When launching ESYLUX, we extended our distribution to the whole of Germany and we had to start from scratch again. It all started with six sales representatives in the south. Bavaria, no turnover, one sales representative. Baden-Württemberg, no turnover, one sales representative. And so on. But more importantly, with ESYLUX we were able to evolve from a commercial agency to a developer and finally to a manufacturer. A very big step, which of course considerably increased our scope for action and design.
What decisions accompanied this process?
The most important one concerned product quality. At that time, there were many disadvantages to manufacturing in China. Today the quality has improved, but in the past a lot of – let's call it – »manual work« was done there. In addition, competitor products would also have benefited from these improvements if they had been made by the same Chinese manufacturers. That wouldn't have been in our interest, of course. At our in-house production site in Ahrensburg, we now have a much more reliable quality control system and use load tests to ensure that components such as capacitors really can withstand many years of use.
Intelligent automation and lighting solutions have determined ESYLUX's success right from the outset. Which subsequent developments were trendsetting for you?
The introduction of the presence detector class in 2002 / 2003 and the leap in LED quality with simultaneous price reduction, which enabled us to venture into intelligent indoor lighting in 2015. The options offered by the LED were the optimal prerequisites to allow the LEDs to be combined with our control system. After all, we're not just any old lighting store. Our lighting is intelligent because it is automatically controlled as required, and we can offer co-ordinated combinations of automation and lighting from a single source. A lighting manufacturer would not be in a position to do this. Sensor-controlled automation requires specialist knowledge.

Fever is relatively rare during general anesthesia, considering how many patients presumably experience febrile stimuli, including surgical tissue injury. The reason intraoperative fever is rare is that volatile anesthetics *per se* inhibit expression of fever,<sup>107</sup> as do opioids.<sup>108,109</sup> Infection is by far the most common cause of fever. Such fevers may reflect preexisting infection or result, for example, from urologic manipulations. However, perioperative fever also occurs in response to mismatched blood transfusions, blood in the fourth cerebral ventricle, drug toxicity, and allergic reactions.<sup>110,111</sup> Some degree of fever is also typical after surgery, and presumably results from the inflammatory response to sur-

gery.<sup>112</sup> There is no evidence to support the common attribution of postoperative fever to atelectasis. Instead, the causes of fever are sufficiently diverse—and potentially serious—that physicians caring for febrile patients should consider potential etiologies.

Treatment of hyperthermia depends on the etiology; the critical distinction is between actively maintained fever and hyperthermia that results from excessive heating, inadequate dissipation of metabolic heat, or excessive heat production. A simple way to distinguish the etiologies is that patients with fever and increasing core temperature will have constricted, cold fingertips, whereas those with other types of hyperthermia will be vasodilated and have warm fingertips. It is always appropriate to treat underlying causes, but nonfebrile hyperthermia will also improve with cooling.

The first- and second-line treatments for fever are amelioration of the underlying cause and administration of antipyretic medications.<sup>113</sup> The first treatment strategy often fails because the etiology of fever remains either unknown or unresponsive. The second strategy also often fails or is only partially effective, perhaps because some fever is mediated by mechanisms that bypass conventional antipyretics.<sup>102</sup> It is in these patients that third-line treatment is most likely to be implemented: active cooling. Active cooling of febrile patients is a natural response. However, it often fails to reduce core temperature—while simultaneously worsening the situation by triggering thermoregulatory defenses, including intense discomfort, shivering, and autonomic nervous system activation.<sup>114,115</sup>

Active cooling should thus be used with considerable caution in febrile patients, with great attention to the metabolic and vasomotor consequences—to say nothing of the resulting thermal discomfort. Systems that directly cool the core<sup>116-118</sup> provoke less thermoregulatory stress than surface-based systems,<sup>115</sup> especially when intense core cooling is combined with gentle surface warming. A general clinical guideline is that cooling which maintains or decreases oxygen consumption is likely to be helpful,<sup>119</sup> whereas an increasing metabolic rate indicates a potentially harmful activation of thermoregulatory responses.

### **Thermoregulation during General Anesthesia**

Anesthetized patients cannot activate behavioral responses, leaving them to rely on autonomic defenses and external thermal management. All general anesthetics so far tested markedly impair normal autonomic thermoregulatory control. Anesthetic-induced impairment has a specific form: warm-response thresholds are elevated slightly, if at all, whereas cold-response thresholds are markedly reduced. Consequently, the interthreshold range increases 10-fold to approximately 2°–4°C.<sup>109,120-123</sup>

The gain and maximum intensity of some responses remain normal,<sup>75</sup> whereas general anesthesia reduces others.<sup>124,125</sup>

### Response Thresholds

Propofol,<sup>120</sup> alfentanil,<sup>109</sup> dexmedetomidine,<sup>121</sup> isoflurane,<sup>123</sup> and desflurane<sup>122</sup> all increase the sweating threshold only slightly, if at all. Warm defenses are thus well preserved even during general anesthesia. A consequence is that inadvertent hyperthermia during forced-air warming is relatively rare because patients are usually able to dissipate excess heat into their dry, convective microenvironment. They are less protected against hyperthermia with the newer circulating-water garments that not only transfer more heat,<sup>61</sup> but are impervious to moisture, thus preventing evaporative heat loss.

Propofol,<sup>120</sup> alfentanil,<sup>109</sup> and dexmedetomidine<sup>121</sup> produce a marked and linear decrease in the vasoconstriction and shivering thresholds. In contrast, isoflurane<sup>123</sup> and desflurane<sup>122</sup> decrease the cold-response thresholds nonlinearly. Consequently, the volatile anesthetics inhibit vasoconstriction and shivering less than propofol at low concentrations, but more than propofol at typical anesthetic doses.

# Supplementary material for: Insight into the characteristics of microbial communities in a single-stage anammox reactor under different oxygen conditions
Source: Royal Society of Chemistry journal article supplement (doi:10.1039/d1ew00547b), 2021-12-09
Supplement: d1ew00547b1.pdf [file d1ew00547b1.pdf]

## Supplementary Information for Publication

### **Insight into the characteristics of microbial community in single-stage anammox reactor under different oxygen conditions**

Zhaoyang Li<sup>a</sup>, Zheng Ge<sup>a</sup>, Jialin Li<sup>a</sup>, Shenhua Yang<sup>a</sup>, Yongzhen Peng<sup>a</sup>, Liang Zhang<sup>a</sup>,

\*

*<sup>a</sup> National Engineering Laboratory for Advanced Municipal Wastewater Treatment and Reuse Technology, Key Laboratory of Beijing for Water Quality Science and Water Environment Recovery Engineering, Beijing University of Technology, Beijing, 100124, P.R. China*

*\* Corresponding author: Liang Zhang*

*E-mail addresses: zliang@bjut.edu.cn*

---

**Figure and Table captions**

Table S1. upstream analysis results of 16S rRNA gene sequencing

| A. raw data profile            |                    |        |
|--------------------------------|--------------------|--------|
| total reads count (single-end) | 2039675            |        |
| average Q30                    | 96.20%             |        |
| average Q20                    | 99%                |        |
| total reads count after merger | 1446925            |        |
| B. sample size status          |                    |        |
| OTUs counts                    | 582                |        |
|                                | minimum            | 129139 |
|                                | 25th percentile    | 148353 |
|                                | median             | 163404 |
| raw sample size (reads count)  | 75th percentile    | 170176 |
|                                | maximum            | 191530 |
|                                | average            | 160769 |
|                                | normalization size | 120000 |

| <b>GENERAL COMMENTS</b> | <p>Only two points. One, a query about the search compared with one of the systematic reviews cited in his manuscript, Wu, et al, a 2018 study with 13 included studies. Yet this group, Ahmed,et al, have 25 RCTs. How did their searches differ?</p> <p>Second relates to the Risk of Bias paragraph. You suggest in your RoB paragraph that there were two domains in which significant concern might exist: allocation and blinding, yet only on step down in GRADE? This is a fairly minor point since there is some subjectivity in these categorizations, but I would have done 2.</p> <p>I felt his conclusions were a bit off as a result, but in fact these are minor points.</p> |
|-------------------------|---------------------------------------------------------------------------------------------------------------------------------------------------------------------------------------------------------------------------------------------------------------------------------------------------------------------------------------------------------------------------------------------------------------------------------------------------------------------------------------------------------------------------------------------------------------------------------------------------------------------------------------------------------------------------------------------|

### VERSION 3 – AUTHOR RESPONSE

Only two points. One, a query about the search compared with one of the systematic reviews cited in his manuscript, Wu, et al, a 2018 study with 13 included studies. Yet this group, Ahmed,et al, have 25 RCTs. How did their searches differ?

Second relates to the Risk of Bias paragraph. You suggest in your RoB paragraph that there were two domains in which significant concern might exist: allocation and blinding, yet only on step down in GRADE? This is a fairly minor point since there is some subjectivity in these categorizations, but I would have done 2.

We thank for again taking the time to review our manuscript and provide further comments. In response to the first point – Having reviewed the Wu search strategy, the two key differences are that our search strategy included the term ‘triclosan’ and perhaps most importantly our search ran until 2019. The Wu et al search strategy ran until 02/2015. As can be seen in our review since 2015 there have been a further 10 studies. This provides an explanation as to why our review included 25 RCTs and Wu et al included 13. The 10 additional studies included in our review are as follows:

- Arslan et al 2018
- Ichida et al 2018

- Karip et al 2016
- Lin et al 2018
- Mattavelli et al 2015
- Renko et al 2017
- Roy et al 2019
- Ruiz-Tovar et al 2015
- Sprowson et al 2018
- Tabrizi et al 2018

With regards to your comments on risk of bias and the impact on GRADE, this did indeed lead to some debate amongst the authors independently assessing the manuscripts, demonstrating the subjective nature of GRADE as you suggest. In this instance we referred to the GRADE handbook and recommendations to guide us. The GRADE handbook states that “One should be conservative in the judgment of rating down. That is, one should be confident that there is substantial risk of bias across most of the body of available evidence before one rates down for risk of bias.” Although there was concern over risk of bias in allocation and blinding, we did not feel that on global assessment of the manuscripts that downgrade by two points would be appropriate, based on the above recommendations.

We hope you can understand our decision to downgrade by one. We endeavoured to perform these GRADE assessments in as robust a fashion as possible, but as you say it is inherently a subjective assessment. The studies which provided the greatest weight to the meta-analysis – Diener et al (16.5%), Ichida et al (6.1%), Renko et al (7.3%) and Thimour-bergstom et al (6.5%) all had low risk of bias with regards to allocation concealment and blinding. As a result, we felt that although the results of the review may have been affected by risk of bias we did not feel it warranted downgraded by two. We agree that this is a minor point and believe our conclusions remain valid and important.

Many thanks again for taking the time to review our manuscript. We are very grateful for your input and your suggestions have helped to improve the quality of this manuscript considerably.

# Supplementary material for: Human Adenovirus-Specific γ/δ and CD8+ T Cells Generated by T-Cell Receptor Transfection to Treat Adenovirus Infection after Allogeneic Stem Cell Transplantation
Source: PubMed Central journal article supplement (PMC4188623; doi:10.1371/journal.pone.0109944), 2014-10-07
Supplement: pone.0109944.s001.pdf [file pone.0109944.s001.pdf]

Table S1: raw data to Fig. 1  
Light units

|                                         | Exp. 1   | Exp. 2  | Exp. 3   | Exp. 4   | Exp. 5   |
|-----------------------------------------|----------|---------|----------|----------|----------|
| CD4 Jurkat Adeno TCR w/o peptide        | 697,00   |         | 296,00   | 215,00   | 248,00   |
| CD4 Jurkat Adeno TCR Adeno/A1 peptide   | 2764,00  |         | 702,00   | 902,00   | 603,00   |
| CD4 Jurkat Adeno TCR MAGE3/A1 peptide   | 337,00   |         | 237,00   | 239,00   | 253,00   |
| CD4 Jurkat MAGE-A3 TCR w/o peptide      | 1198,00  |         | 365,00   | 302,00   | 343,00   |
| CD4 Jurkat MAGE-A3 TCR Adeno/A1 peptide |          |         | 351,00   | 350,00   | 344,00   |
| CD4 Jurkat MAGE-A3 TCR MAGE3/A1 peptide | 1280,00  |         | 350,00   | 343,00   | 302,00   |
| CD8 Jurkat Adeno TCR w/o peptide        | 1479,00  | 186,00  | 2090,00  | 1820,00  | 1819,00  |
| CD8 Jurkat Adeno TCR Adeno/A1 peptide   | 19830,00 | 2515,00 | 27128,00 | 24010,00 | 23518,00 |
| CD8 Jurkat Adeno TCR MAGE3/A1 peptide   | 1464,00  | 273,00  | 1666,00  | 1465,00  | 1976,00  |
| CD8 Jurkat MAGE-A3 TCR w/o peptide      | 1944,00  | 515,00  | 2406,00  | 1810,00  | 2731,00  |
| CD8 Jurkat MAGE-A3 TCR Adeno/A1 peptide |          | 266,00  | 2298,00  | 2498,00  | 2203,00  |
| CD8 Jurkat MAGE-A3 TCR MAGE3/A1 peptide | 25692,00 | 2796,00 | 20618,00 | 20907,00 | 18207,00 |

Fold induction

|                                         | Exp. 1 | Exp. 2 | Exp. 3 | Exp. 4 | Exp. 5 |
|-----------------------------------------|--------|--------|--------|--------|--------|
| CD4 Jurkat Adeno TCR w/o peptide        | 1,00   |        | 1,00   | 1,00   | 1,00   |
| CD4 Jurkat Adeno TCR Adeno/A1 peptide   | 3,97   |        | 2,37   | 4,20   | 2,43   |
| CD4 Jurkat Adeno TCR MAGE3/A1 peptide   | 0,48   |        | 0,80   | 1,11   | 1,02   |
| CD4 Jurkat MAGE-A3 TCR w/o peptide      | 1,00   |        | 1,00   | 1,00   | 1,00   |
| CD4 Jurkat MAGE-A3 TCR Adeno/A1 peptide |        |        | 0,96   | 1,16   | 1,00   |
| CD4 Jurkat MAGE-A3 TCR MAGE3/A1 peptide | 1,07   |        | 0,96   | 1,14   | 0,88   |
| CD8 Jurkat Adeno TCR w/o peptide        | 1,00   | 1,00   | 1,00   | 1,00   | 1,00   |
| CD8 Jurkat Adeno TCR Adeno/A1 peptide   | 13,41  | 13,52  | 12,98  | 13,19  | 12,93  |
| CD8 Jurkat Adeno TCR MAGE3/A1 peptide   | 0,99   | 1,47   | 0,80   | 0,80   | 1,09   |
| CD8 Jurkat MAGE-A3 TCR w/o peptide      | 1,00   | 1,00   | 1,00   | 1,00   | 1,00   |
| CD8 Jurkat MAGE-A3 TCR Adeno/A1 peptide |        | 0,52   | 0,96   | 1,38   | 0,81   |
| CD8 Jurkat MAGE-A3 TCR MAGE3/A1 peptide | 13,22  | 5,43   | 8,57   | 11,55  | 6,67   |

When you look back over the past decades, what do you see as the secret to long-lasting success?
There is definitely no single secret to success, because there are always multiple things that ultimately lead to success. But if I had to choose one thing in particular, it would be the innovation. I have always focused on this subject with my customers, in the past and to this day. If you are the first, you talk about marketing and the joint acquisition of new customers. If you're the second, you can only talk about the price. Sometimes a customer would rather stay with a manufacturer they know. In which case we would say: »Fine, no problem. But we've got something completely new that your manufacturer doesn't offer at all. How about that?« And we had won them over already.
Over the last 50 years, innovations have not only been part of your portfolio, but also in your everyday professional life a lot has changed when it comes to technology. Which aspect would you mention in particular?
When it comes to communication there is no comparison. Email has largely replaced the fax and the letter, the PC has replaced the mechanical typewriter and the mobile phone means that people can be reached at any time, no matter where they are. When I got a car phone in 1969, it was called Landfunk (land radio). Then it was ultra-modern, but now it's unimaginable. The connection technology took up a quarter of the luggage compartment, a large aerial towered outside and an equally bulky receiver could be found on the inside. The monthly basic fee alone cost half of an average employee's income, and accessibility was another issue entirely. Anyone wanting to get hold of me had to know what radio mast I was near as they had a very limited range. When I was out and about and my wife in the office wanted to put me in touch with a caller it was often a guessing game.
You've been married to your wife since 1965. To what extent has she been a part of your professional success?
Not only have I known my wife for almost 60 years, but she was also my first colleague after founding the first company. In the beginning she only worked half-days so that she could continue to work in her old job so we were still able to pay the rent on our small apartment and put food on the table. Later on she worked full-time. I couldn't have wished for a more reliable partner. She was the only one who always openly told me what she thought and always stood by me, even in difficult times. I couldn't have done all of this without her.
One final question, Mr Kremser – what advice would you give the company for the future?
My recommendation to managers is always to listen closely to their teams, to be open to better arguments and not only to give space to creativity, but also to reward it. My honest advice to all employees is to always think and speak positively. This will not only help the individual, but it will also spread to their colleagues and is invaluable for a good working atmosphere. The future always stirs the heart a little because you don't know what it holds. But there's no reason to be afraid. The future of the company is in good hands, and competitors don't have any magic ingredients. Besides, other companies that have a large market presence today have been growing over the last 100 or even 150 years. With just 50 years behind us we still have time on our side.
Many thanks for the interesting conversation.